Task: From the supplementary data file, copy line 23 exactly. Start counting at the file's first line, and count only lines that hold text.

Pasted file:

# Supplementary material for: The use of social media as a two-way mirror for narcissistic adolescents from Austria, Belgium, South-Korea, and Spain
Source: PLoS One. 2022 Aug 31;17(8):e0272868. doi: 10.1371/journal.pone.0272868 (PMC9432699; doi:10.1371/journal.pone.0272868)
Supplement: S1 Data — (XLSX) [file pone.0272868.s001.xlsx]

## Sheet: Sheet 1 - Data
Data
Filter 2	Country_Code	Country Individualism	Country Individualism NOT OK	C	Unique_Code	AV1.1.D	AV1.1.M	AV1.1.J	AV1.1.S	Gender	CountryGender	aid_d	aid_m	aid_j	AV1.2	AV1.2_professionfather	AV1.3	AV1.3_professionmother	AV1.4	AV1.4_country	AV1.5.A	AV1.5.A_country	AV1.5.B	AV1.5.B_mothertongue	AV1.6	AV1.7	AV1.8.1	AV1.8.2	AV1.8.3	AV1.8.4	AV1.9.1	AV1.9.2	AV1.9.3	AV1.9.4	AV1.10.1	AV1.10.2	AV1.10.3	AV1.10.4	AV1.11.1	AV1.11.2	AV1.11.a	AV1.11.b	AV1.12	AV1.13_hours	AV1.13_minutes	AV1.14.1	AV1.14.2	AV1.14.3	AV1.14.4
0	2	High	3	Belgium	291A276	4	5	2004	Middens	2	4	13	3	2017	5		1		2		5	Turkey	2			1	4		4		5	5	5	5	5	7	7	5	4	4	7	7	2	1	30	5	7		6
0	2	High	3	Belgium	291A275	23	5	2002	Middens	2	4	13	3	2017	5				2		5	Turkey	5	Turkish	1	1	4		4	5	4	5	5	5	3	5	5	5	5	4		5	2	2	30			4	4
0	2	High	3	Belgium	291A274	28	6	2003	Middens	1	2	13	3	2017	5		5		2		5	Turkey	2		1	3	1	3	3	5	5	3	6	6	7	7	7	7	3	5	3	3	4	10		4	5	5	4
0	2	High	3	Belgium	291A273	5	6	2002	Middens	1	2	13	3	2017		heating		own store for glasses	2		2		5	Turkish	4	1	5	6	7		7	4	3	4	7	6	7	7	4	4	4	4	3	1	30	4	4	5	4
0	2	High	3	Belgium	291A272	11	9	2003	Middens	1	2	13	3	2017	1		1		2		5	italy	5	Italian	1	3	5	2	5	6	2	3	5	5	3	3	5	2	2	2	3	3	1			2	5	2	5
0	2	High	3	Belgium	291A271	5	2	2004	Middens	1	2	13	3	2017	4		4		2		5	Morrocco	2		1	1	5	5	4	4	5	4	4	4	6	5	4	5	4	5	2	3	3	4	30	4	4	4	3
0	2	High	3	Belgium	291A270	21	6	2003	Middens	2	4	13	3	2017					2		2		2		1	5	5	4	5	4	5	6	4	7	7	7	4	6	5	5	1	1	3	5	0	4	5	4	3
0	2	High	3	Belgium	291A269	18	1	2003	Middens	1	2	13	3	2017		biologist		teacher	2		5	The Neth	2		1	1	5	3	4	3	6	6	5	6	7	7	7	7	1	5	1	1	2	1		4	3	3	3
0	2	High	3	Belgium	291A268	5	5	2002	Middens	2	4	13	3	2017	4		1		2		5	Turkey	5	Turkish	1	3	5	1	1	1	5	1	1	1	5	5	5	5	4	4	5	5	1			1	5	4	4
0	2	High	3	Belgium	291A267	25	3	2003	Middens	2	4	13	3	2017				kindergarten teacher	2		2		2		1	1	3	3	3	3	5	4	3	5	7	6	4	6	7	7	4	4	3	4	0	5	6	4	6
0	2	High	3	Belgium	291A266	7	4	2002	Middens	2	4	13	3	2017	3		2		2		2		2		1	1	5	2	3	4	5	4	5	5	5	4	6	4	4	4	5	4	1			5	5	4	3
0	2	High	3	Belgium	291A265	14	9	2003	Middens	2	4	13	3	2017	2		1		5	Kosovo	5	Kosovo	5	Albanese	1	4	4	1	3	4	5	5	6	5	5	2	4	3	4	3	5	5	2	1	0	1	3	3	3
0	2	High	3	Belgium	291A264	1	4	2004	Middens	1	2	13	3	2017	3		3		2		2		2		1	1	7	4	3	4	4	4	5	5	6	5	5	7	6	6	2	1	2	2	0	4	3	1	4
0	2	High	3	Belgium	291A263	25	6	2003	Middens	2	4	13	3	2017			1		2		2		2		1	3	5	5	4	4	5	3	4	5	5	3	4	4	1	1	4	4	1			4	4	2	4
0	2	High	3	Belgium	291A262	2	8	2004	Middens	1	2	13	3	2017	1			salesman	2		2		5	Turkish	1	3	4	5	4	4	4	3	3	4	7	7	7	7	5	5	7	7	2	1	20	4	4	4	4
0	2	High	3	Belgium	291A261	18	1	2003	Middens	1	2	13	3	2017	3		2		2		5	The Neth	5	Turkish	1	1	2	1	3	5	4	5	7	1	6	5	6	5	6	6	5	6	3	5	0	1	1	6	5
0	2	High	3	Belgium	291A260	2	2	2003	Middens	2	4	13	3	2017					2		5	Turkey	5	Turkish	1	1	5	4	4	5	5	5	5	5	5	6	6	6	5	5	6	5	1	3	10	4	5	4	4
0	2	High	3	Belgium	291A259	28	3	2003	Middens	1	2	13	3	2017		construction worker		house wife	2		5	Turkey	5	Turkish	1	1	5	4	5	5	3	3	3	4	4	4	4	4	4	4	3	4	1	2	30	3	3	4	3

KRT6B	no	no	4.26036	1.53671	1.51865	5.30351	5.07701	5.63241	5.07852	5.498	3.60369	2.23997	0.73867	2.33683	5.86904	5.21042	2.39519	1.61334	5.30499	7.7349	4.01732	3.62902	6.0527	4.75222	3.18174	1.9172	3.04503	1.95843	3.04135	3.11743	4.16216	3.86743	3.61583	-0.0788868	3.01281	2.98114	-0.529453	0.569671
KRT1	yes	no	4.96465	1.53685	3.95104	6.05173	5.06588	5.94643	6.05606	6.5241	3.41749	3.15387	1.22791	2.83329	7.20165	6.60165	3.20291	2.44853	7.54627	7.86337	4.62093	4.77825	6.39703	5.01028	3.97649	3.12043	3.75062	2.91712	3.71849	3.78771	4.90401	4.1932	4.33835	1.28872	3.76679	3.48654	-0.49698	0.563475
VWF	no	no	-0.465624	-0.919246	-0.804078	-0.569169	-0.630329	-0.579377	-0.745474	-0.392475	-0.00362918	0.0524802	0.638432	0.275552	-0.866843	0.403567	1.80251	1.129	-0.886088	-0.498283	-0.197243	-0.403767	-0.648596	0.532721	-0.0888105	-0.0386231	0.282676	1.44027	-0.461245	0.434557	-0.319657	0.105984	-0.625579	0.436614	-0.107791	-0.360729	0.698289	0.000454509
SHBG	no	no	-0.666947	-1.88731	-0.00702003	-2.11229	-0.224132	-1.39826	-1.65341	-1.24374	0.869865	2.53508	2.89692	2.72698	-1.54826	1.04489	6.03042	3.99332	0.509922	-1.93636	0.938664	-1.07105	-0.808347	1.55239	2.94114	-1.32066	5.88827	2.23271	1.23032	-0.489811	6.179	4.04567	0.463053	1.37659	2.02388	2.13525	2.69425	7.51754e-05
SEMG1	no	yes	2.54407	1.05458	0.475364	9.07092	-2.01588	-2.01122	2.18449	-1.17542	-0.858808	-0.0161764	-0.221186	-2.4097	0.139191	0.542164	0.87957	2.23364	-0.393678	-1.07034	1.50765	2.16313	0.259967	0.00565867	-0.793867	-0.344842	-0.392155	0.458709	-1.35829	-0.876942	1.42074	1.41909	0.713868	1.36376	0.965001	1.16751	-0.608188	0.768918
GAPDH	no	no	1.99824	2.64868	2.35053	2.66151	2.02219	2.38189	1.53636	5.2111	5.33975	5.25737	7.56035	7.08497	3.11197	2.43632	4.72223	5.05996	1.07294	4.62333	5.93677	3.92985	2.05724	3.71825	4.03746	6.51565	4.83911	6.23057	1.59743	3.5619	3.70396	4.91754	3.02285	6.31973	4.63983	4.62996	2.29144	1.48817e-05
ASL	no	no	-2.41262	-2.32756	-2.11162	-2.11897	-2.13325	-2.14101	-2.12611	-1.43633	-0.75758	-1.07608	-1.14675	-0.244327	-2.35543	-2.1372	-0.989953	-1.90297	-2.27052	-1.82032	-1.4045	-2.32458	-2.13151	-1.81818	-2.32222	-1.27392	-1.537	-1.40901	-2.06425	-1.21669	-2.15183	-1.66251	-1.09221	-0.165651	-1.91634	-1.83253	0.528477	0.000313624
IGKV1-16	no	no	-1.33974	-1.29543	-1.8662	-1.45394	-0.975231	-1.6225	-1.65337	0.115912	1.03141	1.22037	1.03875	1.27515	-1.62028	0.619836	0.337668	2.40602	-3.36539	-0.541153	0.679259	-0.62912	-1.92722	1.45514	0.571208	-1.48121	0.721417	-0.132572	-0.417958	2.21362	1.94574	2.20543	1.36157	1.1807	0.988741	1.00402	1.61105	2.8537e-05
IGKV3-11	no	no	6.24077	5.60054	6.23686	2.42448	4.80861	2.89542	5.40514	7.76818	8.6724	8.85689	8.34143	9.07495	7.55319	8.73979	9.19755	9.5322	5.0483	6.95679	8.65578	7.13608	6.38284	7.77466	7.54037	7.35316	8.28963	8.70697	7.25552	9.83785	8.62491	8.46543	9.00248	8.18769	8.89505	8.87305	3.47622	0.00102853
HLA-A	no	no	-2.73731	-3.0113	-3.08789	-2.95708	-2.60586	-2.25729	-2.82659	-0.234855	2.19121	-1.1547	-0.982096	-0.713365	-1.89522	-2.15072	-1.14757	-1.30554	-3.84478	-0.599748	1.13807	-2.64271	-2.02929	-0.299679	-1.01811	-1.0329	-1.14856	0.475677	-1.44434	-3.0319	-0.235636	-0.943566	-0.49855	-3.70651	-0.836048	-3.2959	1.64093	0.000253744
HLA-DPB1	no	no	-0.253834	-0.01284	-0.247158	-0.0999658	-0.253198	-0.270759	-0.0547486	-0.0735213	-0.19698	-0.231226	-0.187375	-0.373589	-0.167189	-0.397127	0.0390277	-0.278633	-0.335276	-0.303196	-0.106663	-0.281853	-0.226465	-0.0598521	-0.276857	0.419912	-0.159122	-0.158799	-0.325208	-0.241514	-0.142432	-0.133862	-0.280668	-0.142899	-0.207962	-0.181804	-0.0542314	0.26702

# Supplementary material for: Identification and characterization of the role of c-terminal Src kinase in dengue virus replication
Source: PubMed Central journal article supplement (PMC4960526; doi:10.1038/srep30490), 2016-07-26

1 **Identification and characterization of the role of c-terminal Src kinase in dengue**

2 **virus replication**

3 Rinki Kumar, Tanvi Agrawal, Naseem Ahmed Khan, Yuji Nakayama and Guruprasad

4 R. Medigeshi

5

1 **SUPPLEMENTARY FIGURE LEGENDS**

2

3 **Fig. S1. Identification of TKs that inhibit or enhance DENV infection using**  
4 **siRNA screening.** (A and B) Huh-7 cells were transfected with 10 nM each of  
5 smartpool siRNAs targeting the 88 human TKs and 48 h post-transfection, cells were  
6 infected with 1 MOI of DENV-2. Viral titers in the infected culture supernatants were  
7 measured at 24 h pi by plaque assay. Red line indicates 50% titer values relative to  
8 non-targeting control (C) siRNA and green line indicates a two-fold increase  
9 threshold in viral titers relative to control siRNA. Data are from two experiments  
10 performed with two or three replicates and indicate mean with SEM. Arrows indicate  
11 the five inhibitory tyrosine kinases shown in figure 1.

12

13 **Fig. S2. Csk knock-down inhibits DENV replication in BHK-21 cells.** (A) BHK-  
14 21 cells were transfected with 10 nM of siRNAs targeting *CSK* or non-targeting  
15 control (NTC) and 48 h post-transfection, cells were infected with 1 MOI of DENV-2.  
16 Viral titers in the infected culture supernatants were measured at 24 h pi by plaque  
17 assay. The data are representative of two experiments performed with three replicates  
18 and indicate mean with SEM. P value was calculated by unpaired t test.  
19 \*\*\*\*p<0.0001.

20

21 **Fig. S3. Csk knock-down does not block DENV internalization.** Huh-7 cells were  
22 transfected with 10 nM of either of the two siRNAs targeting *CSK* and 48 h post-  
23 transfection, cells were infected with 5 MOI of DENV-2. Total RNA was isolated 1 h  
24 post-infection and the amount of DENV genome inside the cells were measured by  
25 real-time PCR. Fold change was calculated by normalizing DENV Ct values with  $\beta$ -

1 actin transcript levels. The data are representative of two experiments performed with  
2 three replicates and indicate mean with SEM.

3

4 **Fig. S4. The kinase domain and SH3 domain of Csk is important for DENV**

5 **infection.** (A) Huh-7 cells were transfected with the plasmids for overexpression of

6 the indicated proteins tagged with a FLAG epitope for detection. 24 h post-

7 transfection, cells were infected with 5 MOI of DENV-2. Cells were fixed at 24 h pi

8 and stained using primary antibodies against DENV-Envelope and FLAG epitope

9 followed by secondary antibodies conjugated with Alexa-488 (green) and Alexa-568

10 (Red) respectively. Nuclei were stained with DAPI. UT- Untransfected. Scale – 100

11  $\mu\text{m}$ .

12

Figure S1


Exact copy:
0	2	High	3	Belgium	291A260	2	2	2003	Middens	2	4	13	3	2017					2		5	Turkey	5	Turkish	1	1	5	4	4	5	5	5	5	5	5	6	6	6	5	5	6	5	1	3	10	4	5	4	4